16. 16. <ul><li>Research psychologists are interested in finding better ways to describe and understand the construct &quot;intelligence&quot;. </li></ul><ul><li>Traditional tests tended to emphasize analytical reasoning and memory. </li></ul><ul><li>Sternberg argues that practical intelligence and creativity need to be included in the construct. </li></ul>
  17. 17. <ul><li>The historical concept is too narrow. It needs to be expanded. </li></ul><ul><li>8. Cognitive psychologists want to know &quot;how&quot; people solve problems in addition to whether or not they get the right answer (the psychometric approach). </li></ul>
  18. 18. Application of intelligence testing <ul><li>Diagnosis of the presence and nature of brain damage </li></ul><ul><li>Selection, placement and classification of students in higher education, employees in business and industrial organizations, and personnel in military and government dept. </li></ul><ul><li>Vocational and educational counseling and rehabilitation </li></ul>
  19. 19. <ul><li>Psycho diagnosis of children and adults in clinical and psychiatric contexts </li></ul><ul><li>Evaluation of the effectiveness of psychological treatments and environmental interventions </li></ul><ul><li>Research on cognitive abilities and personality </li></ul>
  20. 20. Individual intelligence test <ul><li>Editions of Standford-Binet test </li></ul><ul><li>Wechsler intelligence test focused on verbal comprehension, processing speed, working memory and perceptual reasoning </li></ul>
  21. 21. Assessing Intelligence <ul><li>Wechsler Adult Intelligence Scale (WAIS) </li></ul><ul><ul><li>most widely used intelligence test </li></ul></ul><ul><ul><li>subtests </li></ul></ul><ul><ul><ul><li>verbal </li></ul></ul></ul><ul><ul><ul><li>performance (nonverbal) </li></ul></ul></ul>
  22. 22. Assessing Intelligence: Sample Items from the WAIS VERBAL General Information Similarities Arithmetic Reasoning Vocabulary Comprehension Digit Span PERFORMANCE Picture Completion Picture Arrangement Block Design Object Assembly Digit-Symbol Substitution
  23. 23. Group intelligence test <ul><li>Cognitive ability test – verbal, quantitative and spatial tests </li></ul><ul><li>Academic ability test – SAT </li></ul><ul><li>The ACT Assessment – 215 multiple choice questions based on English, mathematics, reading and science </li></ul>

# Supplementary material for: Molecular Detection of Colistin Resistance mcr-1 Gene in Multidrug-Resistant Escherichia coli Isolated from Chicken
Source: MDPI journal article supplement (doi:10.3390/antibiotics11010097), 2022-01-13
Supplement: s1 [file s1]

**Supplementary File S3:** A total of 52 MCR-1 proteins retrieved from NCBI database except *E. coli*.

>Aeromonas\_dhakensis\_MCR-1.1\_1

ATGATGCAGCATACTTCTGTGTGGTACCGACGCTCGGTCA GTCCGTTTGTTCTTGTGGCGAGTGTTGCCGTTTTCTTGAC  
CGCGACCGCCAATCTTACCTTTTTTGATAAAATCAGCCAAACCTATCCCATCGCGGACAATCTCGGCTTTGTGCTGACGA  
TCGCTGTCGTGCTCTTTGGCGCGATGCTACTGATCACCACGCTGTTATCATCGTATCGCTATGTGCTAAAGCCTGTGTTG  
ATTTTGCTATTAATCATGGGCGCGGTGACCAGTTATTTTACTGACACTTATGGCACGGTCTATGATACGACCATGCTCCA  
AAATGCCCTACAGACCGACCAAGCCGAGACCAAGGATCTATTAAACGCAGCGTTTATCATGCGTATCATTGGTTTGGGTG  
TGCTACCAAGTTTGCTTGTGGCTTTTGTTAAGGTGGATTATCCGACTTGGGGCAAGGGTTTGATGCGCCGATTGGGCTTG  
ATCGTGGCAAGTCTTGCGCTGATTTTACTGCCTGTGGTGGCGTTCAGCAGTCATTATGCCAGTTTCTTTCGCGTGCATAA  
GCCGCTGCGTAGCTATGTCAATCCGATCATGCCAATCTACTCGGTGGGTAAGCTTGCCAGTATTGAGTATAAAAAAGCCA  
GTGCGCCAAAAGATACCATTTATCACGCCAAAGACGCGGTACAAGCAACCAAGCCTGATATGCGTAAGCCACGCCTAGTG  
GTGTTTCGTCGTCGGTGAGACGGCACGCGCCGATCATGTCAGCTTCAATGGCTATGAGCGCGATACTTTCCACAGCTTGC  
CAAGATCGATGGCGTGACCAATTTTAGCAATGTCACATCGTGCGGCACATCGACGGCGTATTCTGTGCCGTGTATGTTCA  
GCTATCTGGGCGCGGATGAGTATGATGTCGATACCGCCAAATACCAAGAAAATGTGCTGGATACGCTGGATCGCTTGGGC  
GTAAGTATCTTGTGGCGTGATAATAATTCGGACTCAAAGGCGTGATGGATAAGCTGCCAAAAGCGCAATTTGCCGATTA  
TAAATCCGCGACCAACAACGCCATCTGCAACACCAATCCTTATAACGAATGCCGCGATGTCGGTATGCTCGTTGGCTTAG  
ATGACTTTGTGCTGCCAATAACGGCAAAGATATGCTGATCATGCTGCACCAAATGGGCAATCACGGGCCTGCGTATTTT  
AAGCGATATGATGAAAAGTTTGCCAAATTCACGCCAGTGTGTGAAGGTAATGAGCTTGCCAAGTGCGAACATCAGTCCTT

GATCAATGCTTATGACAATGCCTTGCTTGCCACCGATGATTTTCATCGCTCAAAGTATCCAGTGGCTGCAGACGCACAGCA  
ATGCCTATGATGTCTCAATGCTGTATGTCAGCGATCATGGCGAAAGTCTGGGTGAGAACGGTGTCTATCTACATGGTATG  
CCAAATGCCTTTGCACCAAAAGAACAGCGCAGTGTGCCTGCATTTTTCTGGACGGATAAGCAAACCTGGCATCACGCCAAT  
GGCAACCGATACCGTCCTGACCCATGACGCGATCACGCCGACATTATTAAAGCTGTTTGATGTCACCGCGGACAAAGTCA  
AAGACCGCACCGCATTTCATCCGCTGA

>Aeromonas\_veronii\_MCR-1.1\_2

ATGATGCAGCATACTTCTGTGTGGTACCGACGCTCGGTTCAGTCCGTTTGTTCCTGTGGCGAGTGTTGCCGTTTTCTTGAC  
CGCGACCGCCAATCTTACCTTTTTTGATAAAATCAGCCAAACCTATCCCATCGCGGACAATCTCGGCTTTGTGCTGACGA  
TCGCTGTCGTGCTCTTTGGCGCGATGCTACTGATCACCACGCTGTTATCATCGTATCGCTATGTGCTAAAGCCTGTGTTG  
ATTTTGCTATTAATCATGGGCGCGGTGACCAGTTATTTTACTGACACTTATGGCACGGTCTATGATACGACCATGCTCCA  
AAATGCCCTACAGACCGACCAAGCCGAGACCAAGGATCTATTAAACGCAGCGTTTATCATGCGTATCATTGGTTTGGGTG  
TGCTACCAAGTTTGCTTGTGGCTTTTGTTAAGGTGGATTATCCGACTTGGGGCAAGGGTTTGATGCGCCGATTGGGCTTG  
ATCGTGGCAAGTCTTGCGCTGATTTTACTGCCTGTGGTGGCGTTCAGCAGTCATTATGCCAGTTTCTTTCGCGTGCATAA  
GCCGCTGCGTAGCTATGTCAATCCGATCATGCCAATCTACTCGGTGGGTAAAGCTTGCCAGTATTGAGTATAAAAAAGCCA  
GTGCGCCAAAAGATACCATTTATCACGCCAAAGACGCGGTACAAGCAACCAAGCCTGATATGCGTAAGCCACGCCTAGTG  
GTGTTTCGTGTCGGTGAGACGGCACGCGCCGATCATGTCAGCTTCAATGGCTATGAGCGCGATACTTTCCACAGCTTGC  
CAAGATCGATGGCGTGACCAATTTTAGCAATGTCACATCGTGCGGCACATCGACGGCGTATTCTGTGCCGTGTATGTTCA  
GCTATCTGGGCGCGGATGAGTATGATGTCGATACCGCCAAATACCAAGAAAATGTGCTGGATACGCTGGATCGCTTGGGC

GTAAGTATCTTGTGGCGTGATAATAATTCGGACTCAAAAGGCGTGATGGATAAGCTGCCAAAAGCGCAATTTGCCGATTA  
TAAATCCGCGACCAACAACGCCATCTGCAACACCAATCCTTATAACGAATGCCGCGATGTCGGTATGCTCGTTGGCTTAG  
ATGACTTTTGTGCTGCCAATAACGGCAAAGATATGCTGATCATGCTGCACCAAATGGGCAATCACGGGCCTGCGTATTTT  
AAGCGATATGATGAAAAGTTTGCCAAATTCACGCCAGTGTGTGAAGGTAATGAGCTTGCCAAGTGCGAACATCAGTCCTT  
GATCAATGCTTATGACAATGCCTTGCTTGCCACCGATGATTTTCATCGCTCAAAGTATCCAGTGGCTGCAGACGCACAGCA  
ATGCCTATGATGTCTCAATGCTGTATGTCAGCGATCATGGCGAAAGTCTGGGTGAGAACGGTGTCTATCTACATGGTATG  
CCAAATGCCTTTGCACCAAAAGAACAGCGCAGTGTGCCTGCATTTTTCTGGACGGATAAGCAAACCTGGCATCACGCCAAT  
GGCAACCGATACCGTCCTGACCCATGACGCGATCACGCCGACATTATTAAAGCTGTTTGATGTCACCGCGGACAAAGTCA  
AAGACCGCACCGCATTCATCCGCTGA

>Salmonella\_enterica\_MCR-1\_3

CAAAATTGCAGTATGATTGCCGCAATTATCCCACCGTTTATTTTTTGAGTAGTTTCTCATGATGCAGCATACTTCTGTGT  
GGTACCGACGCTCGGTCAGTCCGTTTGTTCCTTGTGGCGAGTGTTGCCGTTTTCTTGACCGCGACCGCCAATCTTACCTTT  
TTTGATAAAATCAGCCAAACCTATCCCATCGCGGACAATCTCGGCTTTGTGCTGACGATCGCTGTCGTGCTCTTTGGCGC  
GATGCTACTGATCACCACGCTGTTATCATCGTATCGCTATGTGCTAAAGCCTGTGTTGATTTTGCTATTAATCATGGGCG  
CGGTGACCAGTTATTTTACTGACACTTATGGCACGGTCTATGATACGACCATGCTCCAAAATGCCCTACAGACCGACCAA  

24. 24. Assessing Intelligence <ul><li>Standardization </li></ul><ul><ul><li>defining meaningful scores by comparison with the performance of a pretested “standardization group” </li></ul></ul><ul><li>Normal Curve </li></ul><ul><ul><li>the symmetrical bell-shaped curve that describes the distribution of many physical and psychological attributes </li></ul></ul><ul><ul><li>most scores fall near the average, and fewer and fewer scores lie near the extremes </li></ul></ul>
  25. 25. The Normal Curve
  26. 26. Assessing Intelligence <ul><li>Reliability </li></ul><ul><ul><li>the extent to which a test yields consistent results </li></ul></ul><ul><ul><li>assessed by consistency of scores on: </li></ul></ul><ul><ul><ul><li>two halves of the test </li></ul></ul></ul><ul><ul><ul><li>alternate forms of the test </li></ul></ul></ul><ul><ul><ul><li>retesting </li></ul></ul></ul><ul><li>Validity </li></ul><ul><ul><li>the extent to which a test measures or predicts what it is supposed to </li></ul></ul>
  27. 27. Assessing Intelligence <ul><li>Content Validity </li></ul><ul><ul><li>the extent to which a test samples the behavior that is of interest </li></ul></ul><ul><ul><ul><li>driving test that samples driving tasks </li></ul></ul></ul><ul><li>Criterion </li></ul><ul><ul><li>behavior (such as college grades) that a test (such as the SAT) is designed to predict </li></ul></ul><ul><ul><li>the measure used in defining whether the test has predictive validity </li></ul></ul>
  28. 28. Assessing Intelligence <ul><li>Predictive Validity </li></ul><ul><ul><li>success with which a test predicts the behavior it is designed to predict </li></ul></ul><ul><ul><li>assessed by computing the correlation between test scores and the criterion behavior </li></ul></ul><ul><ul><li>also called criterion-related validity </li></ul></ul>
  29. 29. The Dynamics of Intelligence <ul><li>Mental Retardation </li></ul><ul><ul><li>a condition of limited mental ability </li></ul></ul><ul><ul><li>indicated by an intelligence score below 70 </li></ul></ul><ul><ul><li>produces difficulty in adapting to the demands of life </li></ul></ul><ul><ul><li>varies from mild to profound </li></ul></ul><ul><li>Down Syndrome </li></ul><ul><ul><li>retardation and associated physical disorders caused by an extra chromosome in one’s genetic makeup </li></ul></ul>